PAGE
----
Good job there buddy.
 

midlifeflyer

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Dumbledore said:
Not really. It's stuff like this that forms the basis for legal argument. All that's needed is a case. Unfortunately there'll probably never be one.
Actually, the absence of a case is a pretty good indication of the real handling of the rule. There are plenty of certificate actions that involve pilots who are not except from currency-based-on-actual. Almost every incident involves a logbook review and falsification is treated very seriously by the FAA.

All that was needed was an incident involving an instrument flight. Under the "IMC all the way to minimums" interpretation, just about any approach other than a missed approach doesn't count for currency.
 

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I think this is all open to interpretation and the FAA will look the other way when accepting an approach logged for currency. For face value, it will be presumed that you have appropriately conducted an approach that meets the FAR’s requirement when it is logged in you logbook. A sort of “don’t ask, don’t tell policy.”

Remember, it's you who should really be concerned, not the FAA, about what constitutes an approach and why. The rule was put in place to provide a minimum of safety achieved through maintaining proficiency by shooting multiple approaches within a given period of time. For all intents and purposes, an approach flown down to just above minimums under IMC conditions, after breaking out can be considered an approach. It is more than likely, that you will still be following the glideslope and localizer indications while transitioning into a visual approach for the landing runway. This will entail a shift in scan for the respective indications. It can easily be agreed that the ability to successfully complete an approach under these conditions will require this visual transition. It is inherently a component of any IAP.

The purpose of this currency mandate is to provide pilots with a guideline so that they may maintain a minimum level of proficiency in conducting an approach safely under actual instrument conditions. More than six approaches in actual or simulated conditions as well as flying approaches of varying difficulty and precisions, should theoretically improve ones ability to accurately fly an approach. To merely get vectored around 6 times into an ILS at your home field does little other than to make you proficient at flying 6 ILS approaches into your home field. But it will legally make you current.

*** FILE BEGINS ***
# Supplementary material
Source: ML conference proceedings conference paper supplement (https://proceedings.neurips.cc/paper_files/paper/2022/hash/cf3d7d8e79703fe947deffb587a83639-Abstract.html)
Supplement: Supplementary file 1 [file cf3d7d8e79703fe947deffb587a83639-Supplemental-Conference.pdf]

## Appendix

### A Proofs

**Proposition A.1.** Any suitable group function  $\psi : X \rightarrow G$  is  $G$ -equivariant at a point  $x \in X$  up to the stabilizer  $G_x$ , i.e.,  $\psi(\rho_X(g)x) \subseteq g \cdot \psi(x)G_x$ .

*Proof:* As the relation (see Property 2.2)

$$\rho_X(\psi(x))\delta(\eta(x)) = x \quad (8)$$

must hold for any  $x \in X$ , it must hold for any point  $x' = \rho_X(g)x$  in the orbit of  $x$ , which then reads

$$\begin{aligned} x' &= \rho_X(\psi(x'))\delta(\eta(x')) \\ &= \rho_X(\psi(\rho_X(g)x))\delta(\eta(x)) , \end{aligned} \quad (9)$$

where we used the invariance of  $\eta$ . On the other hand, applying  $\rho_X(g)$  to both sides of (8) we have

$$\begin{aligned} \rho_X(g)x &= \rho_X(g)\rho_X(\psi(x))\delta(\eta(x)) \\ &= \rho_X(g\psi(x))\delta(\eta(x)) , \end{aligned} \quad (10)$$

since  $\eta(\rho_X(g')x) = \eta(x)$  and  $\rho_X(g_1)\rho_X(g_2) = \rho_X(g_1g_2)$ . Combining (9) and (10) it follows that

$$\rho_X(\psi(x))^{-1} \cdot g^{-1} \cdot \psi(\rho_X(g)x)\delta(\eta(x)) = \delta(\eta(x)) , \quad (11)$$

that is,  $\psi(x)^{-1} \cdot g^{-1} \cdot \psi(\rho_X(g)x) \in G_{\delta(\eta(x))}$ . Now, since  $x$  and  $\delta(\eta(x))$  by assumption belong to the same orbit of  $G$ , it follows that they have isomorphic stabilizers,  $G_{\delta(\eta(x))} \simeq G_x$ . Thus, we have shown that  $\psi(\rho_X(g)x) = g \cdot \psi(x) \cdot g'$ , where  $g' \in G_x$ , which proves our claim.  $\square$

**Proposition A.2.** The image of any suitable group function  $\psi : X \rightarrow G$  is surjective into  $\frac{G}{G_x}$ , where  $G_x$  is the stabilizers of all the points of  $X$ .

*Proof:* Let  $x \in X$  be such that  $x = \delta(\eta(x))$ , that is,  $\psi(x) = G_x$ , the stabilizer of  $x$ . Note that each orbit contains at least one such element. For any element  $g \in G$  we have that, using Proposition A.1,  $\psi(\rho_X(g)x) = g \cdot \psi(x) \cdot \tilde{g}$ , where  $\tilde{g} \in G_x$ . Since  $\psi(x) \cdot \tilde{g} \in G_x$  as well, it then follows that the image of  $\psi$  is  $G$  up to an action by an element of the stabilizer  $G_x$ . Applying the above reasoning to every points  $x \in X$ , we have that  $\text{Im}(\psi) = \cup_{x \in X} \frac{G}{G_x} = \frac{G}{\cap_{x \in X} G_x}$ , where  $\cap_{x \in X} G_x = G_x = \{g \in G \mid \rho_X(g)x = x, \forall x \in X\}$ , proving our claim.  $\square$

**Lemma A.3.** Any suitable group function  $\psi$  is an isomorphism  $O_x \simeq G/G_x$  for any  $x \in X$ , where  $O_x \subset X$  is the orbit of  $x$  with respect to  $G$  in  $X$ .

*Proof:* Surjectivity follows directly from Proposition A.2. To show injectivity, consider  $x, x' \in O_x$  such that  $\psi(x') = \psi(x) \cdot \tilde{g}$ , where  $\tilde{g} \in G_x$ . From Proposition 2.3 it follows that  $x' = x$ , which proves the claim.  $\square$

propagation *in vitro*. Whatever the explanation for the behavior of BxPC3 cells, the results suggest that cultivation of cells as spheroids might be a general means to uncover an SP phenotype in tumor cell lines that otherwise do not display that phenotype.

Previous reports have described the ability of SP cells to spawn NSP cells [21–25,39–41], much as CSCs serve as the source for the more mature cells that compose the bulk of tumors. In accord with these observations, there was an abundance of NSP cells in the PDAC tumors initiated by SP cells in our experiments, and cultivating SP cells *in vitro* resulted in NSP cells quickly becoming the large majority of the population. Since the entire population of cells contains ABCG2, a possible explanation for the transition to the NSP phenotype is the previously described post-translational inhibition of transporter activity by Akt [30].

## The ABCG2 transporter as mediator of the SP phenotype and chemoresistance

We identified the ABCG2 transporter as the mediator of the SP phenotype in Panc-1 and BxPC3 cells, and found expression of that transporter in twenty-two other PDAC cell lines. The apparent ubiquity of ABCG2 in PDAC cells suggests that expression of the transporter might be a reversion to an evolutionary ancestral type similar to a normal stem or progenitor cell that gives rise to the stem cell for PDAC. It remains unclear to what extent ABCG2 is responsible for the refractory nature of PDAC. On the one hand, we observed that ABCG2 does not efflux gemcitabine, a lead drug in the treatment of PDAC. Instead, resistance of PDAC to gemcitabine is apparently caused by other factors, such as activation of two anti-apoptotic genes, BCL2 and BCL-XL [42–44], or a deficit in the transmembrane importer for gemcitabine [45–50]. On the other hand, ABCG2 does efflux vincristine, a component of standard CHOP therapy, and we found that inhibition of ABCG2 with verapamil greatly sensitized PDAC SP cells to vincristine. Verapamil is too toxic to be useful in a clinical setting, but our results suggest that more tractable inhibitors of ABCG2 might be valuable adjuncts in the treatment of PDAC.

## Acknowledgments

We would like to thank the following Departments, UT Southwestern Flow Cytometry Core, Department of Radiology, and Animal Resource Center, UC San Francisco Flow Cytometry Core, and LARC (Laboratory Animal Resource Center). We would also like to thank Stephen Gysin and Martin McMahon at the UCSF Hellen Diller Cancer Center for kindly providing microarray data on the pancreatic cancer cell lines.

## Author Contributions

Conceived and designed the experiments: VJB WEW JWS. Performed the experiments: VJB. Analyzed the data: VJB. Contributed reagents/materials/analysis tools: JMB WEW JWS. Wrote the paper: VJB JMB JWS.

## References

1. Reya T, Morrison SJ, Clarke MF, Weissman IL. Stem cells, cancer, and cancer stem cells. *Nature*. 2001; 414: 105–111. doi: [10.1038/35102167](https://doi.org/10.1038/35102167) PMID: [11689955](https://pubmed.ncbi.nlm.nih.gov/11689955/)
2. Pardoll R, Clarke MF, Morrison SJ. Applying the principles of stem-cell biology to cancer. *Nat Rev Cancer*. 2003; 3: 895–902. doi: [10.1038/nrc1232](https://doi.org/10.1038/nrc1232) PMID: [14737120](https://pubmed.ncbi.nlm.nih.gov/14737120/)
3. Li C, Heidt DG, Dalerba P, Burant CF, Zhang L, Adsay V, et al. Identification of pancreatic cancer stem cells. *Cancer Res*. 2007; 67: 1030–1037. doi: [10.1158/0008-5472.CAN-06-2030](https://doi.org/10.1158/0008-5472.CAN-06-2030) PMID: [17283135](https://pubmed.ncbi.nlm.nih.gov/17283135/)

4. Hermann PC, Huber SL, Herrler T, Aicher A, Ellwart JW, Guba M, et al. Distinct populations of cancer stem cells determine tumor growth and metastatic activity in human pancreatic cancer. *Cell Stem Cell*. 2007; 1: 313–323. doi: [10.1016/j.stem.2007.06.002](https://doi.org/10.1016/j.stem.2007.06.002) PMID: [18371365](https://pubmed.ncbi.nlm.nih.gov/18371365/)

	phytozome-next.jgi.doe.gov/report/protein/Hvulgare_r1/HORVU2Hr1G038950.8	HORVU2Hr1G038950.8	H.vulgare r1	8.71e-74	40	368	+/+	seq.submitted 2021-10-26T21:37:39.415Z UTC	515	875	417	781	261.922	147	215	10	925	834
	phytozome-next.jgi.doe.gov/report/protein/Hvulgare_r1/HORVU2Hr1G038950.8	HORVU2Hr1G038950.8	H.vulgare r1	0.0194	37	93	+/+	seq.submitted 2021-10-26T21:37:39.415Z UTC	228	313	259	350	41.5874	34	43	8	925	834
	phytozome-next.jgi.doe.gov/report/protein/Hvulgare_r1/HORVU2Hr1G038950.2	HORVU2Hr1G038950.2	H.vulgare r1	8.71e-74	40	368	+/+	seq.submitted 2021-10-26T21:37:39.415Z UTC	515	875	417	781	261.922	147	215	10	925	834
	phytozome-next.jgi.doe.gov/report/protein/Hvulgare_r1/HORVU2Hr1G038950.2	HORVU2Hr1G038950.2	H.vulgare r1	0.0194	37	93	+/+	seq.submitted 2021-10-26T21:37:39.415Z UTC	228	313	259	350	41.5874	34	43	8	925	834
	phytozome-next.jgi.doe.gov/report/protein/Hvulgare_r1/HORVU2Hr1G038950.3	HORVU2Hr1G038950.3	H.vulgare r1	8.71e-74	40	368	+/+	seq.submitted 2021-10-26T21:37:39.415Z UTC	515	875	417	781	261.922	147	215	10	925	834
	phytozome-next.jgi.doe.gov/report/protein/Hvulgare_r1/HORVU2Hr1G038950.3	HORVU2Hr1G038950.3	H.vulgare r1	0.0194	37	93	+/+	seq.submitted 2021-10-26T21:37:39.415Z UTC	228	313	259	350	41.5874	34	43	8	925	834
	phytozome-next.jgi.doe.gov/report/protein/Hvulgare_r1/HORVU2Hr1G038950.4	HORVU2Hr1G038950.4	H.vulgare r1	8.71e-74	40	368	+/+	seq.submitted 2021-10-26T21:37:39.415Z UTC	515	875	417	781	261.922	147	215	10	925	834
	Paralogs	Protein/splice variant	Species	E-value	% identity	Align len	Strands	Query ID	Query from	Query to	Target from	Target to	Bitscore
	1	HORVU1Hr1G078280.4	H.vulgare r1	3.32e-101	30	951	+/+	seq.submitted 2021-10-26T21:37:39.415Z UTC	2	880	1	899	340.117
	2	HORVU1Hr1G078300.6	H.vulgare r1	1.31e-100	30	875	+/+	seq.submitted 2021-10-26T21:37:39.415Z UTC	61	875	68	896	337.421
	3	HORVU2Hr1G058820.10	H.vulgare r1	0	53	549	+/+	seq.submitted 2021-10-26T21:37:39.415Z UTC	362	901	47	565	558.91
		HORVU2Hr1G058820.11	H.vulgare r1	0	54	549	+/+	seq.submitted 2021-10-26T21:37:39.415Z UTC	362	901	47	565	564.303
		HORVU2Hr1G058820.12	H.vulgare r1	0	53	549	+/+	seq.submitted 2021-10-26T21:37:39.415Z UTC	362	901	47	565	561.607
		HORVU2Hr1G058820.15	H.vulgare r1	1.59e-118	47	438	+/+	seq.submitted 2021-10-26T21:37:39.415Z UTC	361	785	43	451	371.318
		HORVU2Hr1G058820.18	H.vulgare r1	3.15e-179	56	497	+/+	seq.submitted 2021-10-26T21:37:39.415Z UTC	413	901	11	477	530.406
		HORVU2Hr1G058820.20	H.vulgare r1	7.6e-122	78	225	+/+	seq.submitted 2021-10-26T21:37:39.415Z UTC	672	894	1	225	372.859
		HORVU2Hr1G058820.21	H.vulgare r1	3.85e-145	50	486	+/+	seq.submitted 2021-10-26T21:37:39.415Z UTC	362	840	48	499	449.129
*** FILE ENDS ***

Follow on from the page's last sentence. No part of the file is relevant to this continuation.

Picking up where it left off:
Not to lose sight of the original issue here, if you feel that you have flown what constitutes an approach and have sharpened your skills in conducting the approach, it will in practicality be an exercise in proficiency. This generally means that should you be in IMC, and have flown the approach close to the minimums, it would be acceptable to log it as an approach. As I stated before, there will inherently be a visual transition period which is part of any approach and can be considered in being classified as a component of the approach. It is also a truth, that while transitioning, you will momentarily be shifting your scan from inside to outside and back. Actual time can be logged any time the aircraft is being controlled solely by instruments. During this transition, it is and will be logged as actual. It is mere seconds from say, 150 above minimums (where you break out) to minimums. In 15 seconds you will have descended 150’ assuming a descent rate of 600 FPM at a GS of 120 knots. Within this 15 seconds which is mere fractions of a tenth of an hour, you will invariable be on instruments at least half the time, with the other half being dedicated to the visual scan and transition. This would normally constitute flying an approach.
 

mar

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I wouldn't bet my certs on it.

NYCPilot said:
I think this is all open to interpretation and the FAA will look the other way when accepting an approach logged for currency. For face value, it will be presumed that you have appropriately conducted an approach that meets the FAR’s requirement when it is logged in you logbook. A sort of “don’t ask, don’t tell policy.”

Remember, it's you who should really be concerned, not the FAA, about what constitutes an approach and why.
I'd recommend a slightly more defensive position. I worked way too hard for my certs to take such a casual attitude.

I know I can fly. The FAA doesn't. It's my responsibility to log everything I need to prove I'm legal. The burden is on me, not them.

Good luck.
 

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mar said:
I'd recommend a slightly more defensive position. I worked way too hard for my certs to take such a casual attitude.
mar said:
I know I can fly. The FAA doesn't. It's my responsibility to log everything I need to prove I'm legal. The burden is on me, not them.



Good luck.

By no means do I advocate a casual policy regarding these regs., especially one that was implemented on the basis of safety in a precarious environment such as during an instrument approach in IMC.

My intent was to illustrate that one can log an approach for currency should you execute one in IMC, down to just above minimums, as was proposed in an earlier post. The necessity of logging approaches for currency lies upon the pilot to do so in accordance within the FAA prescribed rules. If one has completed an approach as described, it is fair to log it as an approach. Once it is in the logbook, it has been recorded as a matter of fact and should indeed suffice to fulfill the currency requirements.